Why Keating went rogue

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When Paul Keating finally won his spectacular double-tap leadership coup against Bob Hawke in 1991, legend has it he sent a message to Hawke’s jittery praetorian guard: “Peace in our time.”

In other words, there would be no reprisals, no payback, no stripping of ministries for those who had the misfortune to back the wrong horse.

For the quintessential Labor brawler and bomb-thrower it was a remarkable and unexpected act of grace. It was also a smart move.

Keating went on to cement his name in the Labor pantheon by winning an unwinnable election and ushering in a suite of visionary, groundbreaking and nation-changing reforms, including introducing our current superannuation scheme, legislating Indigenous land rights after the Mabo ruling, the introduction of enterprise bargaining in the workplace and setting out a pathway for Australia to become a republic.

These achievements bestowed upon him an almost godlike status among the party faithful. While the general voting public loved Hawke more, Keating was always the hero of the true believers.

But his one Shakespearean flaw was the one legacy that is now mired in blood and shame and the one legacy he now appears willing to die in a ditch for at the expense of all else.

Paul Keating addresses the National Press Club. Picture: Martin Ollman/NCA NewsWirePaul Keating addresses the National Press Club. Picture: Martin Ollman/NCA NewsWire

And this is the Keating government’s resolute and almost obsessive determination to hitch Australia’s fortune and fate to the great powers of Asia.

This was most stark in the forging of economic, security and military ties with Indonesia under the dictator Suharto even as his regime was murderously oppressing the people of East Timor.

Labor’s brutal realpolitik position at the time was that there was nothing Australia could do to stop Indonesia’s occupation of Timor anyway, so it might as well just ignore the atrocities and accept the status quo.

When Keating’s ultimate nemesis John Howard — an equally shrewd and ruthless pragmatist — proved that wrong by liberating the country it would have been a dagger through the heart of the former PM, and one that is no doubt twisting to this day.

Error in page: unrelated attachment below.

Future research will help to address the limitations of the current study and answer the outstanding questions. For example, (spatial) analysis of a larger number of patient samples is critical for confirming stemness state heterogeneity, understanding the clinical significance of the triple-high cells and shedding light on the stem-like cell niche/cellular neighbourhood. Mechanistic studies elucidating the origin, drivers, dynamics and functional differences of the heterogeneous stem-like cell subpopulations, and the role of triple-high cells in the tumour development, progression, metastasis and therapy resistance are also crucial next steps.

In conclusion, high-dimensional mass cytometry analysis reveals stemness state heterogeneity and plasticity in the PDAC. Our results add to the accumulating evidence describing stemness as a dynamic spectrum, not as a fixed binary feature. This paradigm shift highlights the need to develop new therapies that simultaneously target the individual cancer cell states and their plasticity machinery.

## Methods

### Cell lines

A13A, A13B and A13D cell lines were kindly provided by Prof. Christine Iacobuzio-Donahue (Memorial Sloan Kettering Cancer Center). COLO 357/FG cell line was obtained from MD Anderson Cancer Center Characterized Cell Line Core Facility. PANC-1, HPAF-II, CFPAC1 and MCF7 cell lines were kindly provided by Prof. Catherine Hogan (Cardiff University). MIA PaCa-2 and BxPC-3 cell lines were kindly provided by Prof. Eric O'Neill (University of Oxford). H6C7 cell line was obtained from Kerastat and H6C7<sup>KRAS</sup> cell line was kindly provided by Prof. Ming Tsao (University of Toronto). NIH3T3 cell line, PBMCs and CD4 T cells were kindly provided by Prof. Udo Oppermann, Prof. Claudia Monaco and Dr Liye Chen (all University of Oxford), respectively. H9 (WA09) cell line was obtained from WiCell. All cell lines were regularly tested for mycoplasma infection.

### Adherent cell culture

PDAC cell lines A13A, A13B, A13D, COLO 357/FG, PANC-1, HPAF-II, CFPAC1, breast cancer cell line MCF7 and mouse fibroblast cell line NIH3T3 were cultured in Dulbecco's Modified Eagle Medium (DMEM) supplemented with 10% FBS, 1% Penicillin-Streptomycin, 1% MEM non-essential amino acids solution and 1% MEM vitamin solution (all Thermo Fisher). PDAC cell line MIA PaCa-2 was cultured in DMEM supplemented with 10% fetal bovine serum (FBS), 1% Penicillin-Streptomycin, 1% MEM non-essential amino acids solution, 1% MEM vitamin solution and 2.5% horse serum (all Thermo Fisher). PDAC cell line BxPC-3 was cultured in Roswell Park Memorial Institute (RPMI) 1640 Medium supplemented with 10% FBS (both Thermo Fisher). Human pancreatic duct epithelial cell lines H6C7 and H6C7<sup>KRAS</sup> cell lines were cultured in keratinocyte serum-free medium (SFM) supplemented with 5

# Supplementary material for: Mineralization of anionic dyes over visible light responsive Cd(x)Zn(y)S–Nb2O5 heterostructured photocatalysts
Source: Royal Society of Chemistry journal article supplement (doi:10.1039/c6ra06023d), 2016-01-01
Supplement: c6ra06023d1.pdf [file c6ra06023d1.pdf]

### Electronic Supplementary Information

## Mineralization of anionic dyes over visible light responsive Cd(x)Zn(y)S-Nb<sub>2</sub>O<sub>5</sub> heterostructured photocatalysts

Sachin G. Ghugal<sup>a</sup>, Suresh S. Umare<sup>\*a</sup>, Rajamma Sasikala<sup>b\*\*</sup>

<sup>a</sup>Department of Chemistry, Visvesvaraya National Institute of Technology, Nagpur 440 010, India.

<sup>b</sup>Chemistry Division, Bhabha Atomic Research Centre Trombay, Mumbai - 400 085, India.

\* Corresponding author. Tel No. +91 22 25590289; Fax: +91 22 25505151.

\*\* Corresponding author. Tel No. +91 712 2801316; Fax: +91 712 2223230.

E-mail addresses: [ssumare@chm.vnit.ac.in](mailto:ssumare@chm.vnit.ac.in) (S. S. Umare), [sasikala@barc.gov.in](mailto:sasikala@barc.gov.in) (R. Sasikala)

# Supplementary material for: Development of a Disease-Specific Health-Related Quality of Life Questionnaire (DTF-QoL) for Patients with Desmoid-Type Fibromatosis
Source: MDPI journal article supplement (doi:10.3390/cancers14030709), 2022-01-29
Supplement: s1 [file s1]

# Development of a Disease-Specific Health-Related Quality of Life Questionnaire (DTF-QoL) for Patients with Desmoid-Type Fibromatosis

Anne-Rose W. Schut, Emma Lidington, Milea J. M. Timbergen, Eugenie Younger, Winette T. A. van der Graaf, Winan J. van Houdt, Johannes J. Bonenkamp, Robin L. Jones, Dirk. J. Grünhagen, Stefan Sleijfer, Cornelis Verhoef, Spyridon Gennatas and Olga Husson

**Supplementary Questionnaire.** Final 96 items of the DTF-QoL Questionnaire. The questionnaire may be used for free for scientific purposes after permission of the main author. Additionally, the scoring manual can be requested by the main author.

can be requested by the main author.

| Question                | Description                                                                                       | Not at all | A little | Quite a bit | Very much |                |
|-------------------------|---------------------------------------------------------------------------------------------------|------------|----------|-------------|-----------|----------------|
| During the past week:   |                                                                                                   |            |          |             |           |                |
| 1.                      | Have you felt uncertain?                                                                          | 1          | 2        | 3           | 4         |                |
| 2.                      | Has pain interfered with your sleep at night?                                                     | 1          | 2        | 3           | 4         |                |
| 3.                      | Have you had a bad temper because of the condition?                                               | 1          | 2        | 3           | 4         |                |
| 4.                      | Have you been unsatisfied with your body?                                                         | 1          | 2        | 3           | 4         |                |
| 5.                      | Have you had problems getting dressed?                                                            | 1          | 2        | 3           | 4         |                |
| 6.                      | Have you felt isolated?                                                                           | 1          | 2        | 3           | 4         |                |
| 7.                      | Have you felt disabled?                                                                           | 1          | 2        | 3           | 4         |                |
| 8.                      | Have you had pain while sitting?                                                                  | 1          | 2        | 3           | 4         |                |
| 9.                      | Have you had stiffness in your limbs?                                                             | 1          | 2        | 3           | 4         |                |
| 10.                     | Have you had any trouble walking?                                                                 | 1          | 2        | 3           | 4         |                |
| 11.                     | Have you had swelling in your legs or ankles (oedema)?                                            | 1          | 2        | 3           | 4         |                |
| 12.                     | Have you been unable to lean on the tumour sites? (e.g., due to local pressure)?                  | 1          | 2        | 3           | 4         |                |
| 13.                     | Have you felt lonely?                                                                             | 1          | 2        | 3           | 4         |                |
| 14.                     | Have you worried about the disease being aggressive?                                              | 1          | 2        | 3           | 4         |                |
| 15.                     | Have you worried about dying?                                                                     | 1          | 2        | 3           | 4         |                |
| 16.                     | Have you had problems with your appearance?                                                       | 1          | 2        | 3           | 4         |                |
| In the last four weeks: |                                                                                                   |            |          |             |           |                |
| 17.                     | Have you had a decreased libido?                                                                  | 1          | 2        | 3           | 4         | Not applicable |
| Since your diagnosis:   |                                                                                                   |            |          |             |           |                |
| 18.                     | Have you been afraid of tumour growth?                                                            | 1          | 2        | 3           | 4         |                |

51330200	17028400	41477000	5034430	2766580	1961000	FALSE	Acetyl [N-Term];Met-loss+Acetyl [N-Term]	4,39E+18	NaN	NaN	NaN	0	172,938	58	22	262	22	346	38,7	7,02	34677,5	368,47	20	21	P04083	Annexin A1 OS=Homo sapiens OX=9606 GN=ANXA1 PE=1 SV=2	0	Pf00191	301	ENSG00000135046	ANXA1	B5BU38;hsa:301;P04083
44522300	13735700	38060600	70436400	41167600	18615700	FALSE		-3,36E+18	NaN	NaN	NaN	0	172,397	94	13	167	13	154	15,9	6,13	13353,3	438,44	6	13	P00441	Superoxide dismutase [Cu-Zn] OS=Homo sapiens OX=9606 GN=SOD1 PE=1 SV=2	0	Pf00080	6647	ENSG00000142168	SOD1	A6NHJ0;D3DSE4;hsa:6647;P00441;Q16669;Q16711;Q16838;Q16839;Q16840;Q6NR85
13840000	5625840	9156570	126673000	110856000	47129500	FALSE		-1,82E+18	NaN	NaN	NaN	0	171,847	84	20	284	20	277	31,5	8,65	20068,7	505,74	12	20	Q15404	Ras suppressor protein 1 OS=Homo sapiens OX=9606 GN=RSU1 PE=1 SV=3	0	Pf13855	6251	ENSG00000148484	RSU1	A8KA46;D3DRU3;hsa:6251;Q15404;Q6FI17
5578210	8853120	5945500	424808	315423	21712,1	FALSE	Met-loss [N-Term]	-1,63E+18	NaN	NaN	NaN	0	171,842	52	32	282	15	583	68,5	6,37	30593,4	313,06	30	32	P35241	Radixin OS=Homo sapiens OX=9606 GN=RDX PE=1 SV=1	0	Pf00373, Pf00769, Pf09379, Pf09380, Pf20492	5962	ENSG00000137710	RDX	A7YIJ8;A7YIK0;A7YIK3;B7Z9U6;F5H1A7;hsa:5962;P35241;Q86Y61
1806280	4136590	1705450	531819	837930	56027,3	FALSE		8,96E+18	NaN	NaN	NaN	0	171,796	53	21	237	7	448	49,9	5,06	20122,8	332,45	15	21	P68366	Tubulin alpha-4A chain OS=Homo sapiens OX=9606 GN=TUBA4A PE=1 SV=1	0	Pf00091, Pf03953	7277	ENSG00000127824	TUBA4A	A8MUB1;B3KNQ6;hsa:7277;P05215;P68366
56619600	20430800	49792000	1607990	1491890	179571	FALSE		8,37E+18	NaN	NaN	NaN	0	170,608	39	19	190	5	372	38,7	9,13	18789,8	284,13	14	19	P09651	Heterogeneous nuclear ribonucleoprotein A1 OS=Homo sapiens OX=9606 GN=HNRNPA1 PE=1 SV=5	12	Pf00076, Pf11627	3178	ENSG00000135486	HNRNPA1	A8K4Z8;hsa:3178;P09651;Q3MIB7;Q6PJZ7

But the even greater Asian power that Labor turned to was China, which Gough Whitlam had made history by visiting as Opposition Leader in 1971 and again as Prime Minister in 1973, neatly book-ending US President Richard Nixon’s historic visit in 1972.

Gough Whitlam meets Chairman Mao Zedong in 1973.Gough Whitlam meets Chairman Mao Zedong in 1973.

This was all part of a great Western project to engage with the world’s biggest country — which had essentially become a hermit state — and gradually bring it in to what is perhaps optimistically referred to as the family of nations.

Labor has been obsessed with China ever since, often championing engagement as a counterweight to UK imperialism and US superpower, often championing engagement for Australia’s economic interests, and often championing engagement for a few bucks in consultancy fees.

But China has changed. What once seemed like an inevitable path of economic, social and political liberalisation has been stopped dead in its tracks by Xi Jinping, who has been belligerent, nationalistic, expansionist, militarily aggressive, internally repressive and who only recently again effectively appointed himself dictator for life.

Paul Keating says he reads every day, so I’m pretty sure he has read that.

In other words, the China that Keating and the ALP once rightly embraced and attempted to steer towards common global values of free trade, human rights and a rules-based order has become a superpower that happily violates all of those pillars in its pursuit of economic coercion, military dominance and territorial expansion.

Everybody knows this. It is literally etched on the face of the planet in the shape of the military bases that are springing up in the South China Sea and on the invisible faces of those disappeared by the People’s Republic like Australian journalist Cheng Lei.

China has grown more authoritarian under Xi Jinping. Picture: Jade Gao/AFPChina has grown more authoritarian under Xi Jinping. Picture: Jade Gao/AFP

It is a pity that Keating was too busy attacking Australian journalists at the National Press Club this week to mention Australian journalists locked up by the authoritarian regime he was defending.

It is even more shameful that Twitter’s supposed hero of Australian journalism Laura Tingle, the president of the NPC and facilitator of Keating’s abuse, let this diatribe run free.

A handful of lunatic lefties still subscribe to Keating’s increasingly marginal position that however murderous or militaristic China might be it is nonetheless a more benign alternative to evil post-imperial powers like the UK and US and all of this is a kind of colonial moral relativism.

When China produces its own Fawlty Towers or Seinfeld, or indeed a Senate oversight committee, perhaps I will believe them.

But in the meantime Keating appears less like a luminary and more like a lunatic.

His wounded pride in having hitched Australia to China’s star, only to see China regress to totalitarian type, should have provoked a crisis of conscience.

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Instead he seems determined to gaslight the globe in an effort to convince the world that he, and only he, was still right all along and the rest of us in the real world are the ones who are mad.

And the sad part is that that, in the end, is the true essence of a madman.

Read related topics:ChinaJoe Hildebrand

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